Fiat Chrysler, UAW Extend Contract, Continue Negotiating

Fiat Chrysler was picked as the lead company in the talks this year, making it the focus of bargaining and a potential strike target if talks hit a snag.

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Many of the negotiators in contract talks between the United Auto Workers and Fiat Chrysler took a break Tuesday morning after bargaining through the night.

The union's contract with the Italian-American automaker officially expired at 11:59 p.m. EDT Monday, but both sides agreed to extend it on an hour-by-hour basis while talks continued toward a new four-year agreement.

Fiat Chrysler was picked as the lead company in the talks this year, making it the focus of bargaining and a potential strike target if talks hit a snag. Also Monday, General Motors and Ford extended their contracts with the UAW indefinitely as bargaining continues.

At daybreak Tuesday, only a few cars were in the parking lot of the Fiat Chrysler-UAW training center building near downtown Detroit where the talks are taking place. Full talks were expected to resume later in the morning.

FCA CEO Sergio Marchionne canceled plans to attend the Frankfurt International Motor Show in Germany Tuesday and instead stayed in the U.S., a strong sign that a deal was near.

The UAW announced Sunday that it had picked Fiat Chrysler as its target company, meaning a deal with FCA could set a general pattern for contracts at GM and Ford. FCA could also be hit with a strike if negotiations stall, although workers at several FCA factories said Monday they had not been told of any strike plans.

All three companies officially kicked off bargaining for new four-year contracts in July. The contracts cover around 140,000 U.S. factory workers.

Kristin Dziczek, director of the industry and labor group at the Michigan-based Center for Automotive Research, said union members can expect some financial gains in this contract, since all three companies are healthy and profitable. But they have to be careful, since automakers can move their operations to lower-cost countries such as Mexico if their U.S. labor costs get too high.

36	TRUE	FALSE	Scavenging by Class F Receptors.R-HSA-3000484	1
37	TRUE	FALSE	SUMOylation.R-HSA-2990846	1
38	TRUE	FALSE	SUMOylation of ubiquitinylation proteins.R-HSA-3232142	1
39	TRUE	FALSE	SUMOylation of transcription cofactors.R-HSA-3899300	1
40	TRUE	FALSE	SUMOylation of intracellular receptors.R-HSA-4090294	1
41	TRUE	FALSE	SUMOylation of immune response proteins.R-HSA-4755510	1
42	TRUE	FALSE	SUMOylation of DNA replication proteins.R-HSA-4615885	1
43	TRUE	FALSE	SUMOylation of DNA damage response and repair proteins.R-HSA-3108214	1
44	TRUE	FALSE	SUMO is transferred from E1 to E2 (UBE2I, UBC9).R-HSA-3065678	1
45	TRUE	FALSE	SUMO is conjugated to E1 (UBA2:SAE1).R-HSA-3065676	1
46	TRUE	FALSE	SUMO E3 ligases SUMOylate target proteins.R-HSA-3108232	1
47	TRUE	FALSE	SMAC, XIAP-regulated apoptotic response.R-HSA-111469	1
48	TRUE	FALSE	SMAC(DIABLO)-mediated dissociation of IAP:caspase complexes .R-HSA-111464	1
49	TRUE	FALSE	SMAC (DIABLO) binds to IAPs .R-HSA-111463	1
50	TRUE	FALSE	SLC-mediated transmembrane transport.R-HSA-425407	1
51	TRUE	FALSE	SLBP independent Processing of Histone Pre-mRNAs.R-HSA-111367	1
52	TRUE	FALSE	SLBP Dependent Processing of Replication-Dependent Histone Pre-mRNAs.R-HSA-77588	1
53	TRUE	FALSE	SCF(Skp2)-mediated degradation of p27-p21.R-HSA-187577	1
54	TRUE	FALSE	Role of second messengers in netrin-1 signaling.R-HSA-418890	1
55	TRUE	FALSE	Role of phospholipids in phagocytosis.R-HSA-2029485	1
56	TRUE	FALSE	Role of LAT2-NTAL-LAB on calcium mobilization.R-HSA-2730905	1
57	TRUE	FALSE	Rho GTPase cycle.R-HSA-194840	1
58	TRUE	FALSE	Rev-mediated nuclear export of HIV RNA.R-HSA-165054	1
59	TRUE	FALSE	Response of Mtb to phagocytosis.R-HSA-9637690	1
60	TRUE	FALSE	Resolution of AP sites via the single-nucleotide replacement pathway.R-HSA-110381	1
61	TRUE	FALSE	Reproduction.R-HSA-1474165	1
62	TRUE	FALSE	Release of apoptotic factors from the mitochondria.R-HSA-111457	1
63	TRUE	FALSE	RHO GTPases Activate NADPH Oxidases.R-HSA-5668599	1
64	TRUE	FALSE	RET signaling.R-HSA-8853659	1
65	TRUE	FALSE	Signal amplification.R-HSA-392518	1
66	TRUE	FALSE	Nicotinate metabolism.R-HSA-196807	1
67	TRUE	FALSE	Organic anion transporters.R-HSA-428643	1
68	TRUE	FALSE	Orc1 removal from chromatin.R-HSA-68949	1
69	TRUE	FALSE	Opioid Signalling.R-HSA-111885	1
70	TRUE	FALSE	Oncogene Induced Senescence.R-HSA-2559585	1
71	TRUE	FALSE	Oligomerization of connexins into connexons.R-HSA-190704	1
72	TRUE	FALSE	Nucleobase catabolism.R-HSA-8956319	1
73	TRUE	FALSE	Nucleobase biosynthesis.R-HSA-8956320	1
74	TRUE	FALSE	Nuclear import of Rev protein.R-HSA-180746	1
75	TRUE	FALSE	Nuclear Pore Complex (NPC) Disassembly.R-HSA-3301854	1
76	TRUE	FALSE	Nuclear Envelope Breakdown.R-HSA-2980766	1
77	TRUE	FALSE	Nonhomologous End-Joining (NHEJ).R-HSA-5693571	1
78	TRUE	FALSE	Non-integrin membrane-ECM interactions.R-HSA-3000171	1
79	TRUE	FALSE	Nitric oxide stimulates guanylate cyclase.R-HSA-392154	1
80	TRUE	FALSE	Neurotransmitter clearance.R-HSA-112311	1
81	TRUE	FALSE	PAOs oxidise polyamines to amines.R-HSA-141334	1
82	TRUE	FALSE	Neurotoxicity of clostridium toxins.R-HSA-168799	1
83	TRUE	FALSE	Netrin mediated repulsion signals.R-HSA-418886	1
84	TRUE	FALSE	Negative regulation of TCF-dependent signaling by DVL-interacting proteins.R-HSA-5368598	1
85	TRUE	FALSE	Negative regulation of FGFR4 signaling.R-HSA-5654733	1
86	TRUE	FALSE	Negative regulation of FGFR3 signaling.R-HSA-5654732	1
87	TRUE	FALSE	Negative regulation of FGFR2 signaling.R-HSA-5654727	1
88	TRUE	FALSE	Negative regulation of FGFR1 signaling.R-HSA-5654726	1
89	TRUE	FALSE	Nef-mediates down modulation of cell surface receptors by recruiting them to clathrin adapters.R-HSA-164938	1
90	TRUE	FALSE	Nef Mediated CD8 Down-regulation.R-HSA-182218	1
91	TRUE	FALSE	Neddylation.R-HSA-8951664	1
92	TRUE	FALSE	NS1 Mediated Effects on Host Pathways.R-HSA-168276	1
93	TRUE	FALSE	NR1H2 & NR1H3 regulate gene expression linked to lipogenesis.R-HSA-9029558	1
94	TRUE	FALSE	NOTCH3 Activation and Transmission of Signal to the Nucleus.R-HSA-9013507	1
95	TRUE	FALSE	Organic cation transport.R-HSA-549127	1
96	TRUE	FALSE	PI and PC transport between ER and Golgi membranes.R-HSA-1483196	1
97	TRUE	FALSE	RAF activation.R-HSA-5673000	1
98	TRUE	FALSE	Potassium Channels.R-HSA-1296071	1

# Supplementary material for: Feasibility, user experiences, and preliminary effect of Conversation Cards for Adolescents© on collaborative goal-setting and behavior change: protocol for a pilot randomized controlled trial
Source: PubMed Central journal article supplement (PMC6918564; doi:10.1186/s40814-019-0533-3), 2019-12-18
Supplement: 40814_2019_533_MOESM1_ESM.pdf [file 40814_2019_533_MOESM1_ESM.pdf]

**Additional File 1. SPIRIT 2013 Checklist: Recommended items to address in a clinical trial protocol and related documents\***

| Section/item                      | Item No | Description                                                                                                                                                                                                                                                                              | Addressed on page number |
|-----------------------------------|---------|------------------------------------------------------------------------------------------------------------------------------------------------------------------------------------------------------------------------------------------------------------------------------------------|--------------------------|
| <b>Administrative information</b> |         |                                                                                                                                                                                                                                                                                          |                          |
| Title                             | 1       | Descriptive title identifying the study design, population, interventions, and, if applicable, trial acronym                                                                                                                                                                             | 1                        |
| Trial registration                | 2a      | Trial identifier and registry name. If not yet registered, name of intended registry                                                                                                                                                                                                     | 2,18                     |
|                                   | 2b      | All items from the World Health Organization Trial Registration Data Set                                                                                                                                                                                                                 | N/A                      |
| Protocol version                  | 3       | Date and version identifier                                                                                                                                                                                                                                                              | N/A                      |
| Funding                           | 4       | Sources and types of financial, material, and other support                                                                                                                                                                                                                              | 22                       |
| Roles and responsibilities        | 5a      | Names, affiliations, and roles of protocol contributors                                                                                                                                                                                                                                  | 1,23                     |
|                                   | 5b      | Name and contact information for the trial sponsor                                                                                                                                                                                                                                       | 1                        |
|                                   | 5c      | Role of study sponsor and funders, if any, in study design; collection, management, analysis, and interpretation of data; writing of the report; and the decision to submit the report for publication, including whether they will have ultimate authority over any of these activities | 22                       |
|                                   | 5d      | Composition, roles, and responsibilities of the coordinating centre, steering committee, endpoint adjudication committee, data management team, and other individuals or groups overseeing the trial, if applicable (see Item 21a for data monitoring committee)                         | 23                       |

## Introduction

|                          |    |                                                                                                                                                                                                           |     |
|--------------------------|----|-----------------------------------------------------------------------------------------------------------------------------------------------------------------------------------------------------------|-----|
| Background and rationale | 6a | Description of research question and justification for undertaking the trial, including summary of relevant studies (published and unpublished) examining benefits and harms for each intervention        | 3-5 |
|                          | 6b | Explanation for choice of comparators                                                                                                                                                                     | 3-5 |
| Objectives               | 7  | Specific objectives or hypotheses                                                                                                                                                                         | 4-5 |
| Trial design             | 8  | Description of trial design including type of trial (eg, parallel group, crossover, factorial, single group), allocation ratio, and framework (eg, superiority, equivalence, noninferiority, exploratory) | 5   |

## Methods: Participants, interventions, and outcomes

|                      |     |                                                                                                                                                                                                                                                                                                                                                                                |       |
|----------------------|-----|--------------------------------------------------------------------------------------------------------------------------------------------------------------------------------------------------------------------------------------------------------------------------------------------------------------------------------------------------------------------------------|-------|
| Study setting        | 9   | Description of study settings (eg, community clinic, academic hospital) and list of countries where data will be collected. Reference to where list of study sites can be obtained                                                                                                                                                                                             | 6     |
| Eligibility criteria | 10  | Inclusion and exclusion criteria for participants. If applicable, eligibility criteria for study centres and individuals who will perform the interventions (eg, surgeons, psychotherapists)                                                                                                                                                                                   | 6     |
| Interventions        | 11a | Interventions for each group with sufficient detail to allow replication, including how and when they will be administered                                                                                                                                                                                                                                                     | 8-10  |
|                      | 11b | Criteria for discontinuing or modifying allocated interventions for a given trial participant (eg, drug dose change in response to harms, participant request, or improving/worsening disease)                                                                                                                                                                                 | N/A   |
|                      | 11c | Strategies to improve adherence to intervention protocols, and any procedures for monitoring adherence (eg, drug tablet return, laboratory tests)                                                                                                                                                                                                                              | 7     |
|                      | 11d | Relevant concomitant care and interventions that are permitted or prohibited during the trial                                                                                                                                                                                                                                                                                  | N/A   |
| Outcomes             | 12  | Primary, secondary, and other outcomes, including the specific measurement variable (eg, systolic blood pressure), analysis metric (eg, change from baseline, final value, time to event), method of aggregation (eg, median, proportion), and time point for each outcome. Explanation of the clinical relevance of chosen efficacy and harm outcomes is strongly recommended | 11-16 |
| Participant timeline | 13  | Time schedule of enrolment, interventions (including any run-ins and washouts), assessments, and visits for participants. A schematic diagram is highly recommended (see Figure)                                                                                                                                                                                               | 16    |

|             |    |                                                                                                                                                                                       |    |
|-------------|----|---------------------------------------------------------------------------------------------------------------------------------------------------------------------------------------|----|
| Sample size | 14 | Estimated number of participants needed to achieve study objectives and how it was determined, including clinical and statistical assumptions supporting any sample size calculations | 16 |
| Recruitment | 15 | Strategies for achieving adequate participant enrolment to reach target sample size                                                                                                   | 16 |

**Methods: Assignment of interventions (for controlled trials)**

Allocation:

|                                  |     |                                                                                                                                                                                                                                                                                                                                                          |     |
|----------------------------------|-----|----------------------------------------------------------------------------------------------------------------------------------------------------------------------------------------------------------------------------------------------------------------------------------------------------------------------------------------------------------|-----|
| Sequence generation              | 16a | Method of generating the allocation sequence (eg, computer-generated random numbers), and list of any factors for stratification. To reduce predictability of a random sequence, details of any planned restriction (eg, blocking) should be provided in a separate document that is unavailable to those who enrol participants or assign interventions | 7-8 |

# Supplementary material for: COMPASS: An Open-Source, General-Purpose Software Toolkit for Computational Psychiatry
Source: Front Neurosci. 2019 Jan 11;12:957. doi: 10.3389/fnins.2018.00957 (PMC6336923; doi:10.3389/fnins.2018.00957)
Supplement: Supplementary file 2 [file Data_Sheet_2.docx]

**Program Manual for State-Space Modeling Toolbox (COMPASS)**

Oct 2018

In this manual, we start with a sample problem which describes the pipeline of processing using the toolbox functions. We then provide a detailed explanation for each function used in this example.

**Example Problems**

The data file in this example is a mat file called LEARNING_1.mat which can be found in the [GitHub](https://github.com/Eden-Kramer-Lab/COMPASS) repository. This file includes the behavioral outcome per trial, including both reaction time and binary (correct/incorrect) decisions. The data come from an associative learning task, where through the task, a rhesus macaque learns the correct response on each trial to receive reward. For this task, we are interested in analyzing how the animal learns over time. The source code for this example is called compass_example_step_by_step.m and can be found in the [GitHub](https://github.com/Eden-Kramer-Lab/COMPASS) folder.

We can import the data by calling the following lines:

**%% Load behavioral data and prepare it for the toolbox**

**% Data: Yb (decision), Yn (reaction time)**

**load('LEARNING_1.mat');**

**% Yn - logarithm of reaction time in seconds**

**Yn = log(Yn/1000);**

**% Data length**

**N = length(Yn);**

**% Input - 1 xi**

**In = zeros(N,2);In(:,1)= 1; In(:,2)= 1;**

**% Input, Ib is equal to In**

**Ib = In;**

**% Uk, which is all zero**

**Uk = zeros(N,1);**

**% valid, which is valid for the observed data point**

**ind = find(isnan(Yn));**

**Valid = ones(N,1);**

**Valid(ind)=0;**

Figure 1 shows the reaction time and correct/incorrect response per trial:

The union wants hourly pay raises for longtime workers who haven't had one in a decade. It also wants to close the wage gap for entry-level workers, who start at about half the $29 hourly wage of veteran employees. The wage gap benefits FCA the most, since 45 percent of its hourly workers make entry-level wages. Only around 20 percent of workers at Ford and GM make the lower wage.

Marchionne has been outspoken about wanting to eliminate the wage gap. But he has indicated the top wages should come down in favor of fatter profit-sharing checks. All three companies also want to stick with profit-sharing instead of increasing hourly labor costs. Over the past four years, FCA workers have gotten annual profit-sharing checks totaling $9,000 per worker.

UAW President Dennis Williams and Marchionne, who greeted each other with a hug as the negotiations began in July, have both said they would consider it a failure if they can't reach an agreement and workers strike. Workers at FCA — known as Chrysler before its 2009 merger with Fiat — went on a seven-hour strike during contract negotiations in 2007 but were prohibited from striking in 2011 under terms of a government-funded bankruptcy.

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